In Goldman v. Ecco-Phoenix Elec. Corp., 62 Cal. 2d 40 [41 Cal. Rptr. 73, 396 P.2d 377], the parties were the general contractor, Clovis, and a subcontractor, Ecco. Clovis had agreed to indemnify the property owner against all claims, regardless [246 Cal. App. 2d 830] of responsibility for negligence, and Ecco had agreed to be bound to Clovis " 'in the same manner and to the same extent as Clovis is bound to the Owner under the General Contract, to the extent of work provided for in this agreement.' " A man claimed to have been injured due to Clovis' failure to provide a guard rail, and the latter sought indemnification from Ecco. The parties disagreed as to whether the subcontract incorporated the general contract merely to describe the work to be done, or whether the incorporation included the indemnity clause. The Supreme Court expressed its holding in this language (at p. 48): "We need not, however, determine whether Clovis' or Ecco's interpretation of paragraph 2c is correct. We conclude only that an indemnification agreement calling for financial protection against one's own negligence cannot rest upon language so loose and obscure as that of the instant contract."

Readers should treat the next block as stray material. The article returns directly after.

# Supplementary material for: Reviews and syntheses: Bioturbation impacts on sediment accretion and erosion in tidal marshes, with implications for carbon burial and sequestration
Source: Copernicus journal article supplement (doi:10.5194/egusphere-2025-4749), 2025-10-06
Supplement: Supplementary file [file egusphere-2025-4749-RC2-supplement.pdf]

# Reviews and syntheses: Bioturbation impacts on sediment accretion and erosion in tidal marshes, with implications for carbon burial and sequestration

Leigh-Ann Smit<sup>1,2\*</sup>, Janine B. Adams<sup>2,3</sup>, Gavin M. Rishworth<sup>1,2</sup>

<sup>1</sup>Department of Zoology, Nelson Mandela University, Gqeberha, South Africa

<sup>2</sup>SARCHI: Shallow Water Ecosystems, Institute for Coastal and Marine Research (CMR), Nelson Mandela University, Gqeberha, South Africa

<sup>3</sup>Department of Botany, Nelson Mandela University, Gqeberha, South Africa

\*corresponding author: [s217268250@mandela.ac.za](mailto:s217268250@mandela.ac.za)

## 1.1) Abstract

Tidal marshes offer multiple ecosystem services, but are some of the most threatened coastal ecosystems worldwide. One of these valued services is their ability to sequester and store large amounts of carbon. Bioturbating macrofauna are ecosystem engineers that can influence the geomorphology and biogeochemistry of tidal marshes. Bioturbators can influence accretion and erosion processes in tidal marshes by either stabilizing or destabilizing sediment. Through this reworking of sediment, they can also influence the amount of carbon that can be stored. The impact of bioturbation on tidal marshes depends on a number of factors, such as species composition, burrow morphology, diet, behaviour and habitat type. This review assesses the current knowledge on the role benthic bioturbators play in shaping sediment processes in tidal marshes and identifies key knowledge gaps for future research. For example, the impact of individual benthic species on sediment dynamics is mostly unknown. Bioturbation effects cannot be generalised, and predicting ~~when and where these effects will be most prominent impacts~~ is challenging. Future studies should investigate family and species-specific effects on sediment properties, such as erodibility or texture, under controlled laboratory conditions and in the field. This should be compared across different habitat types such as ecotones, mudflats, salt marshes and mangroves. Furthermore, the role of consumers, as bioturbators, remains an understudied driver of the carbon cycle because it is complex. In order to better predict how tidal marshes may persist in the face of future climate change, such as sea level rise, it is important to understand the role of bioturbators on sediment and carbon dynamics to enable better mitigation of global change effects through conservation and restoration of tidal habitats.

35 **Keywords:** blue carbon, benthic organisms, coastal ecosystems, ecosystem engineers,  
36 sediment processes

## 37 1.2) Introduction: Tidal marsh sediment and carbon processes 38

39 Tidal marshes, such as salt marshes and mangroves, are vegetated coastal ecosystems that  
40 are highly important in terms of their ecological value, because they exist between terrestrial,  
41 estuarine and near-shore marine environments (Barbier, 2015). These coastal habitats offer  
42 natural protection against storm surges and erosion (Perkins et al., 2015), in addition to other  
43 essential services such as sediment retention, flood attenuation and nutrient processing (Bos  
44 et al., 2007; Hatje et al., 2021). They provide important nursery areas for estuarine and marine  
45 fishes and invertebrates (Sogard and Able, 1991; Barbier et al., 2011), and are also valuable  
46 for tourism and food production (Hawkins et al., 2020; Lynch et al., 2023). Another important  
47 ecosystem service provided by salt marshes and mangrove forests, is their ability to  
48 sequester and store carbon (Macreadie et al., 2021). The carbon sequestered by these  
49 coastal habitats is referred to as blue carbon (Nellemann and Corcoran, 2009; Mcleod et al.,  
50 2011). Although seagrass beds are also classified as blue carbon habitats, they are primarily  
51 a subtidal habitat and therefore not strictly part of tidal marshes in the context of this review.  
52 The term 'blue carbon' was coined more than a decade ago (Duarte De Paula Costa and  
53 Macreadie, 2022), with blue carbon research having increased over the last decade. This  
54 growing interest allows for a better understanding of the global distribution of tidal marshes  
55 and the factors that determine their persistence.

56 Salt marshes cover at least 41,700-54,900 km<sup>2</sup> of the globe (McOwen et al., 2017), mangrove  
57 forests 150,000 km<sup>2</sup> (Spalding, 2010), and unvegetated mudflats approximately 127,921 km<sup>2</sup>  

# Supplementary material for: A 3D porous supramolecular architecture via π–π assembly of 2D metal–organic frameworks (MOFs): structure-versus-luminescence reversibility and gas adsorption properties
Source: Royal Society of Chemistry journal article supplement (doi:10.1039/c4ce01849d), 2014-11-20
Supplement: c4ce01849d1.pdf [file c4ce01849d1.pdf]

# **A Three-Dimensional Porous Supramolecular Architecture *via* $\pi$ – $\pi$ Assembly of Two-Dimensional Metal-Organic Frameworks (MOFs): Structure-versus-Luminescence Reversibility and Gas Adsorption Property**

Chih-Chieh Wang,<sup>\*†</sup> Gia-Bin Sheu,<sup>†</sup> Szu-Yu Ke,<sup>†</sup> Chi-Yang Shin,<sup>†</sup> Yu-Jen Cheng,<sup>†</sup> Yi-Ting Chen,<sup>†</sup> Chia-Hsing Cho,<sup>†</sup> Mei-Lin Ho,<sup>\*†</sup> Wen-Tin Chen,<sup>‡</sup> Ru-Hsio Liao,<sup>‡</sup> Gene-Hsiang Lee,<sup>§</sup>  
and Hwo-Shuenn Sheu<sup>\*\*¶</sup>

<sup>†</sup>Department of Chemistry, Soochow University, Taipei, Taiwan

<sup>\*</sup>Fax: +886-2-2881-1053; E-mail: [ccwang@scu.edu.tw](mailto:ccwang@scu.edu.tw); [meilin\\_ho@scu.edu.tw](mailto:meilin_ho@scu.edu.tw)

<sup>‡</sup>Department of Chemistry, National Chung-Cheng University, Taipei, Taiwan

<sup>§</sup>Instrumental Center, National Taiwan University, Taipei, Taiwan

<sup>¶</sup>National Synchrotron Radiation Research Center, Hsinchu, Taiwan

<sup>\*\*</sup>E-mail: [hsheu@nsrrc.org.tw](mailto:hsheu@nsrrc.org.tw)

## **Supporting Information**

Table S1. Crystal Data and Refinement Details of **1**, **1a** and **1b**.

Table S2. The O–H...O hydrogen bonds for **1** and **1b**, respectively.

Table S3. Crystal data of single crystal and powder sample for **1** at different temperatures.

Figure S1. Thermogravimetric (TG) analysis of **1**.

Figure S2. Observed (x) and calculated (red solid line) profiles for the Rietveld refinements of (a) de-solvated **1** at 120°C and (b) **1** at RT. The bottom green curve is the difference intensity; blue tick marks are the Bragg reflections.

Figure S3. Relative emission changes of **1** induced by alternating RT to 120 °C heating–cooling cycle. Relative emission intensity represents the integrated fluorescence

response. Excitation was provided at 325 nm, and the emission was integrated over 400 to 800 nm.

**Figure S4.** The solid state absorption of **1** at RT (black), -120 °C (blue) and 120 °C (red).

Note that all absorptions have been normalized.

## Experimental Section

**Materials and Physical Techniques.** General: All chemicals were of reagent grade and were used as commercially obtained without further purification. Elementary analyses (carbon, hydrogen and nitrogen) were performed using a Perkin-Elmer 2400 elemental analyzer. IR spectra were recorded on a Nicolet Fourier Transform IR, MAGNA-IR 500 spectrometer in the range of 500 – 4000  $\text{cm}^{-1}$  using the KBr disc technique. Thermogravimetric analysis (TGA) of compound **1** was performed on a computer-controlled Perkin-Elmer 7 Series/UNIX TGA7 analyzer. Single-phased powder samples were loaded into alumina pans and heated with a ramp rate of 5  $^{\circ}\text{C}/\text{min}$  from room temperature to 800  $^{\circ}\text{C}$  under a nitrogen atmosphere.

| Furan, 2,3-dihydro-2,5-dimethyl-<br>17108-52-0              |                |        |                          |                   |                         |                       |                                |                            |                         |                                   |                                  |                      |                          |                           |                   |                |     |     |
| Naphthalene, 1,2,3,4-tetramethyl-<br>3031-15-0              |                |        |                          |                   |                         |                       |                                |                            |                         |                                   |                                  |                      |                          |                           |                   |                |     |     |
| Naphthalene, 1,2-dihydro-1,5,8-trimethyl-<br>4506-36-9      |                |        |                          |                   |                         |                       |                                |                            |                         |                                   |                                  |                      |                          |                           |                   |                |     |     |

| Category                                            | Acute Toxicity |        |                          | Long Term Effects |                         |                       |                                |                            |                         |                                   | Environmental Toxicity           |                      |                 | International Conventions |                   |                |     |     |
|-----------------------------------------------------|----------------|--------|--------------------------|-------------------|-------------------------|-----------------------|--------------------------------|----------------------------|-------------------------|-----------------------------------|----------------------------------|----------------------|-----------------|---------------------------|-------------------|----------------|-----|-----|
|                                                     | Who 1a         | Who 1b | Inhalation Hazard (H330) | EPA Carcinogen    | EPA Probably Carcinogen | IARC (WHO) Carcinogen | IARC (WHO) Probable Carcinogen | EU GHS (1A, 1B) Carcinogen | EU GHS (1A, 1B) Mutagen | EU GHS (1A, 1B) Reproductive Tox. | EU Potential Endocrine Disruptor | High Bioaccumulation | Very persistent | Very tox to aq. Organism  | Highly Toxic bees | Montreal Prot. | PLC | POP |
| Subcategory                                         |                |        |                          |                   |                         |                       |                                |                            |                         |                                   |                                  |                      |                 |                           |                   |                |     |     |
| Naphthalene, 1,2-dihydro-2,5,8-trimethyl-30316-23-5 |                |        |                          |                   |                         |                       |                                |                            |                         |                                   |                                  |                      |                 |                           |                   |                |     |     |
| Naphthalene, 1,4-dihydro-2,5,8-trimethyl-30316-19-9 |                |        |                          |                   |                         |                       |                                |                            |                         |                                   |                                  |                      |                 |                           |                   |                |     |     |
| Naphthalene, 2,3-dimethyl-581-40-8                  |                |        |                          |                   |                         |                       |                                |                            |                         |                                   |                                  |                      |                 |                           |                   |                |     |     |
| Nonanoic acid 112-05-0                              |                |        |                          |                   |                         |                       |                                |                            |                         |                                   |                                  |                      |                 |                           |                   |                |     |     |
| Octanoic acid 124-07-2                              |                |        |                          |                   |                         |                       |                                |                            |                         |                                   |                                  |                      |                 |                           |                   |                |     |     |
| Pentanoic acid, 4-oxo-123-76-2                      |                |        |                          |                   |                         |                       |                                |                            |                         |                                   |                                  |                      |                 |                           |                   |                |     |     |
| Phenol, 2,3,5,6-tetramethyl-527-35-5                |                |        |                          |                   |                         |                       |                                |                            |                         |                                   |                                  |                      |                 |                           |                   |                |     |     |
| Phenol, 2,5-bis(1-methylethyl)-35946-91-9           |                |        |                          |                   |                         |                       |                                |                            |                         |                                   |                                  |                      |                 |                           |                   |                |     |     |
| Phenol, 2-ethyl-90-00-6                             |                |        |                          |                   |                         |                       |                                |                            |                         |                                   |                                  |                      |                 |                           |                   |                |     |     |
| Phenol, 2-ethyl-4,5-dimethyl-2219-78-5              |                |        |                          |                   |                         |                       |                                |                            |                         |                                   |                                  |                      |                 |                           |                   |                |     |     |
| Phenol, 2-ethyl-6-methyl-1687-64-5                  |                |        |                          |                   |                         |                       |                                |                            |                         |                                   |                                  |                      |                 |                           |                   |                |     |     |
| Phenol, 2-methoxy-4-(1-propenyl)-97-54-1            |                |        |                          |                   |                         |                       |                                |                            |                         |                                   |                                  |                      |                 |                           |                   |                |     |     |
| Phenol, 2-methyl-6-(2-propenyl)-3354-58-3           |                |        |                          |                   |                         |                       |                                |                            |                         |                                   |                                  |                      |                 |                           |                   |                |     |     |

From these recent expressions of the Supreme Court we learn this: Harvey teaches that the "express negligence" doctrine mentioned in Vinnell will not always be applied. The clearly expressed intention of the parties will be enforced.

Goldman emphasizes that the agreement must be "clear and express," but creates no artificial obstruction to enforcing the intention of the parties wherever that intention clearly appears. The Goldman opinion also points out that a contract to indemnify is not subject to the same public policy objections as is a contract to exculpate the wrongdoers from liability to the injured party. The court said (62 Cal.2d at p. 48): "Assuming that the agreement provided that Ecco indemnify Clovis from its own negligence, we cannot, however, accept Ecco's contention that such indemnification would violate public policy and therefore fail under the reasoning of Tunkl v. Regents of the University of California (1963) 60 Cal. 2d 92 [32 Cal. Rptr. 33, 383 P.2d 441], and Hanna v. Lederman (1963) 223 Cal. App. 2d 786, 792 [36 Cal. Rptr. 150]. Clovis does not seek exculpation from liability to Butlar but rather indemnification from Ecco for such potential liability. The indemnification agreement resembles an insurance agreement; indeed, the real situation here appears to be that Clovis maintains insurance against liability to Butlar and Clovis' insurer now attempts to transfer that liability to Ecco and Ecco's insurer."